Aboriginal Inquiry: Lifting All Learners

An Impact Assessment of the Aboriginal Enhancement Schools Network (AESN)

5.2 Aboriginal Education Partnership Agreement

While many school districts around the province have created joint agreements under the Provincial Government’s mandate to create local/regional Aboriginal Education Enhancement agreements, Prince Rupert is unique in that its community insisted on it being described and realized as a partnership agreement. They did so with the intention of conveying the importance of the shared responsibility between the school district, its staff and the Aboriginal communities it serves.

The first Aboriginal Education Partnership Agreement was signed on October 29, 2001. The mission statement of the Aboriginal Education Partnership Agreement stated—

Our school system is dedicated to creating a community of young people and adults who value Aboriginal Language, Culture, Knowledge, and People as an integral part of the education system.

With the signing of the Agreement, the Aboriginal Education Council and the Board of Education, as well as community and school partners entered into a partnership designed to:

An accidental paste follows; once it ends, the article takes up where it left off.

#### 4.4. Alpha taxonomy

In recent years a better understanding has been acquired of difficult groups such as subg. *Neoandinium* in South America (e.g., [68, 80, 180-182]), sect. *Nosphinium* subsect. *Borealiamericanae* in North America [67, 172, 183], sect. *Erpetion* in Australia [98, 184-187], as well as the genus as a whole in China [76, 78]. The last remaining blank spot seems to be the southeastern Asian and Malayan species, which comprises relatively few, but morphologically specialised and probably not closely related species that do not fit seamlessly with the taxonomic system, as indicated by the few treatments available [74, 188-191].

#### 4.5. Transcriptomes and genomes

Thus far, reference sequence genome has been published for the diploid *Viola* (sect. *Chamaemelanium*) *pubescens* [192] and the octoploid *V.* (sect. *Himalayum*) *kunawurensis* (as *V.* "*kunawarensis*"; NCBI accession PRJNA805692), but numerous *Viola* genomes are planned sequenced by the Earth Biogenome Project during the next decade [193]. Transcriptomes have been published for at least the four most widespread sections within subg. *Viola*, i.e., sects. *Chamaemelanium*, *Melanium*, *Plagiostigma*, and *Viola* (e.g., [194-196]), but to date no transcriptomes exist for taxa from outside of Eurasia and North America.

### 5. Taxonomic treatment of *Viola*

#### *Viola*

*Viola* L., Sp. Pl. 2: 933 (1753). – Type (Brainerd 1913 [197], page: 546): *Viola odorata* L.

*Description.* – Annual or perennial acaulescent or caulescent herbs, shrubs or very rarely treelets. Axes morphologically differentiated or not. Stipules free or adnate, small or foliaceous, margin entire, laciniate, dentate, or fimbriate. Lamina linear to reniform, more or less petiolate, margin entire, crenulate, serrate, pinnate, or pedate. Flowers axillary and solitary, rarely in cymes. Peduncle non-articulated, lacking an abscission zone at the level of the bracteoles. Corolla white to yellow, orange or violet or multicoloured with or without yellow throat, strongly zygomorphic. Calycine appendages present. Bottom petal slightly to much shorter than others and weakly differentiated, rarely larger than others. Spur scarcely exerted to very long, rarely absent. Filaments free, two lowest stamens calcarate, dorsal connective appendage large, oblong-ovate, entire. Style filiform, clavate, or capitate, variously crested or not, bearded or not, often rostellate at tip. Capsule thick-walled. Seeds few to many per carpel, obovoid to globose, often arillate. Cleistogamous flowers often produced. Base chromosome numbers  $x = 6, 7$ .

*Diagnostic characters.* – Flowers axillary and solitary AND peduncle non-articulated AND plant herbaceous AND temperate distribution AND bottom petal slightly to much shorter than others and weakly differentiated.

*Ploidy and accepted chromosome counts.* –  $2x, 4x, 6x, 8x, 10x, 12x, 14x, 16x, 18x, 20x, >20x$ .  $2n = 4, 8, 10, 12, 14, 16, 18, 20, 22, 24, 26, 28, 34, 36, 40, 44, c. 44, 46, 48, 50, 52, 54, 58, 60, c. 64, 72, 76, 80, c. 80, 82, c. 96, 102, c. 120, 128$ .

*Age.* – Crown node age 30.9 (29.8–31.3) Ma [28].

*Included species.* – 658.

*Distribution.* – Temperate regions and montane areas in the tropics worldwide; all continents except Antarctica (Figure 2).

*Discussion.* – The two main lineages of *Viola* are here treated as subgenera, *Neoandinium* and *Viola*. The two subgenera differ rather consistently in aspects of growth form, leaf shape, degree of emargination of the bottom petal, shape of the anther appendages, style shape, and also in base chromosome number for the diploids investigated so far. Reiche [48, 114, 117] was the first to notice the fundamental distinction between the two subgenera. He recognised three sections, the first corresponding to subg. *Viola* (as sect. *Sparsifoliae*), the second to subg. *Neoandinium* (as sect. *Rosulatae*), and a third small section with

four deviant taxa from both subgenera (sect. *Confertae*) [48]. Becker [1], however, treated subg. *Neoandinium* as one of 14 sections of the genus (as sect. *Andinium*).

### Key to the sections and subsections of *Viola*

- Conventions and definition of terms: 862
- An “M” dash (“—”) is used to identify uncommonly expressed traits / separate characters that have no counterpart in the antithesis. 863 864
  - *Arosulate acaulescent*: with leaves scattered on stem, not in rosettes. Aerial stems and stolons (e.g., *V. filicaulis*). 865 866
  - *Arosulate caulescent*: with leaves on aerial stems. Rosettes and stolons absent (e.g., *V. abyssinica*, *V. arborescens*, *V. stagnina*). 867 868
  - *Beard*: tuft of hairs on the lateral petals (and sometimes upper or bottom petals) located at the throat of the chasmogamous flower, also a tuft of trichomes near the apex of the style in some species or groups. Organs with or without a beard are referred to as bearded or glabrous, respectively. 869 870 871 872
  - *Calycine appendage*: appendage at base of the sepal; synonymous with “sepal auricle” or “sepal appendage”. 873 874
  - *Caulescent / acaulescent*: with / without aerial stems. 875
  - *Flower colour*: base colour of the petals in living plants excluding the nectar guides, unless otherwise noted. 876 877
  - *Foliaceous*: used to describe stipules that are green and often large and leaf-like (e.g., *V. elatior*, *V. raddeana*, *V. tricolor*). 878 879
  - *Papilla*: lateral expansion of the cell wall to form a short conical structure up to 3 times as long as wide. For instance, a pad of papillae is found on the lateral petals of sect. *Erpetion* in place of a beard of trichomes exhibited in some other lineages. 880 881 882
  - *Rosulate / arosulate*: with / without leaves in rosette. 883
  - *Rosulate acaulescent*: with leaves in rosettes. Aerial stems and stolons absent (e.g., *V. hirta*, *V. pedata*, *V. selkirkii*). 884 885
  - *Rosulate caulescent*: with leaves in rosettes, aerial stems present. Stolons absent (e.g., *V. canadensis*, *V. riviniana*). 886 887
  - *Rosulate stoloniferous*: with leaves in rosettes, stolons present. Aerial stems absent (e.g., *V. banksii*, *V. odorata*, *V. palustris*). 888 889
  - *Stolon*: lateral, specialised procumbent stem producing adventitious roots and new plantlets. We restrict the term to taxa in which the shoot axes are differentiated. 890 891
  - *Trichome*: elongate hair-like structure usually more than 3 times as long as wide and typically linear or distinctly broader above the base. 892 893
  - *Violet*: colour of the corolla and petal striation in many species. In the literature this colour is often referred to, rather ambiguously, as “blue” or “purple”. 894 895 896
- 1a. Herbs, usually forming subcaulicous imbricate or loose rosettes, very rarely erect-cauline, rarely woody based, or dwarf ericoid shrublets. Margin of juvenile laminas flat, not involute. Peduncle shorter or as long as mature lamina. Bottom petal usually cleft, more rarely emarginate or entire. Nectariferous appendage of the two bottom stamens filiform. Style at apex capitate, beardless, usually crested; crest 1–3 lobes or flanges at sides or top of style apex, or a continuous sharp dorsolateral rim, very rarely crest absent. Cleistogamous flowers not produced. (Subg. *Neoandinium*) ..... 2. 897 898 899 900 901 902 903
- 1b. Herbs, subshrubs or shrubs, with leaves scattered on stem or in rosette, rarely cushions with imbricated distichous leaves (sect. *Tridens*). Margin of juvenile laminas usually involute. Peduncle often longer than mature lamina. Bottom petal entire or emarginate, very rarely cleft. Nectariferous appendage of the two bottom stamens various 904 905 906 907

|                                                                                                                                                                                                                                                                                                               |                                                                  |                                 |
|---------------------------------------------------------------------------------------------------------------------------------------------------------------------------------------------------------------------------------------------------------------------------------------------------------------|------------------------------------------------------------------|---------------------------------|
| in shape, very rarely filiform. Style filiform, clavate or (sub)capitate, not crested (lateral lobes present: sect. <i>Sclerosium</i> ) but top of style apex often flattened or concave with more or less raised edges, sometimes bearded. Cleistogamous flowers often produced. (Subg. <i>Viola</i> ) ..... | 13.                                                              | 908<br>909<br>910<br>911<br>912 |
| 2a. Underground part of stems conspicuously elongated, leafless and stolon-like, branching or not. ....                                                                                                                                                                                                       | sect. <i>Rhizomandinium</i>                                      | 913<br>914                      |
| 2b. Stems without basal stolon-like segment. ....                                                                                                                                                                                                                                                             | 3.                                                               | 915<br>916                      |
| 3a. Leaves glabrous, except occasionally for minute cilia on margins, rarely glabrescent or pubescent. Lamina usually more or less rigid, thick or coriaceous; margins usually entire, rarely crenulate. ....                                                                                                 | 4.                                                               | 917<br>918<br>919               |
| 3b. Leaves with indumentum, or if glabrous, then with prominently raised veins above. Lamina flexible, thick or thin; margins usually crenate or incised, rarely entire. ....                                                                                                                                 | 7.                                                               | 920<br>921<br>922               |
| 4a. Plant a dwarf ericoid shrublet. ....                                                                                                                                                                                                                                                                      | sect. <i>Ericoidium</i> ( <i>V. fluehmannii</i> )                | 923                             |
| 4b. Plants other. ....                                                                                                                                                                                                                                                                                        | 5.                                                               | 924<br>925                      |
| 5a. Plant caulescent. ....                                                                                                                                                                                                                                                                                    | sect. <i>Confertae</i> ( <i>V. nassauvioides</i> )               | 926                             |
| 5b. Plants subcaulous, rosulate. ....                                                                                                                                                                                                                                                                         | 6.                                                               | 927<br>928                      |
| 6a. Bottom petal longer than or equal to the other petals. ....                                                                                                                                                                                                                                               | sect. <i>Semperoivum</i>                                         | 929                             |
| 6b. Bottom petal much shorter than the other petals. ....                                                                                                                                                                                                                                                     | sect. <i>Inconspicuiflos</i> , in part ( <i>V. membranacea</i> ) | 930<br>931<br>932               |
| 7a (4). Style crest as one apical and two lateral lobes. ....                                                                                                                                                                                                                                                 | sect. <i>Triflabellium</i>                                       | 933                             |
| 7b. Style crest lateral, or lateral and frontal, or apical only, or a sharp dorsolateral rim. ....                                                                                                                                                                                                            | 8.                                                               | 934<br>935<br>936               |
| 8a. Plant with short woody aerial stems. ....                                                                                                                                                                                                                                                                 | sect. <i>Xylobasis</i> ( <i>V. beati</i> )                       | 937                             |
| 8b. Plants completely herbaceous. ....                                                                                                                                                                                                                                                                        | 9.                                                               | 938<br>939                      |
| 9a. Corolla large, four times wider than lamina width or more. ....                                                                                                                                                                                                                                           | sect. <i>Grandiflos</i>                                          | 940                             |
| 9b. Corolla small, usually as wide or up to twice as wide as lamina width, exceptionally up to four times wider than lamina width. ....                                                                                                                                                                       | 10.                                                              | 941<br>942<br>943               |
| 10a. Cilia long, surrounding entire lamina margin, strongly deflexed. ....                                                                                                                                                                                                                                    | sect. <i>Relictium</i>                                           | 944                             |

Since this original agreement annual reports have been created to mark the progress of the district and its partners in achieving their shared goals for improving the “school success of all First Nations learners in Prince Rupert School District”(2001, p. 1). A renewed partnership agreement was signed on November 30, 2010, which will run until 2016. The renewed agreement clarifies the goals of the Partnership Agreement, and draws attention to the need to enhance the success of Aboriginal students through what it calls “Culturally responsive programs” (2012, p. 7). There are some important amendments made to the original agreement that include:

The words italicized above shows the shift in thinking that has occurred over the years since the original Partnership Agreement was signed. In later parts of this report this change in thinking about Aboriginal education—a shift from thinking of Aboriginal education as a type of correctional program for a specific class of learners, i.e. Aboriginal students—to being a concern for all learners and the broader community, will be explored in greater detail. Suffice it to say that these carefully crafted words signal a fairly significant shift in thinking about Aboriginal students, from a deficit/corrective model to a more inclusive way of thinking about Aboriginal knowledges and culture as valued components of school learning.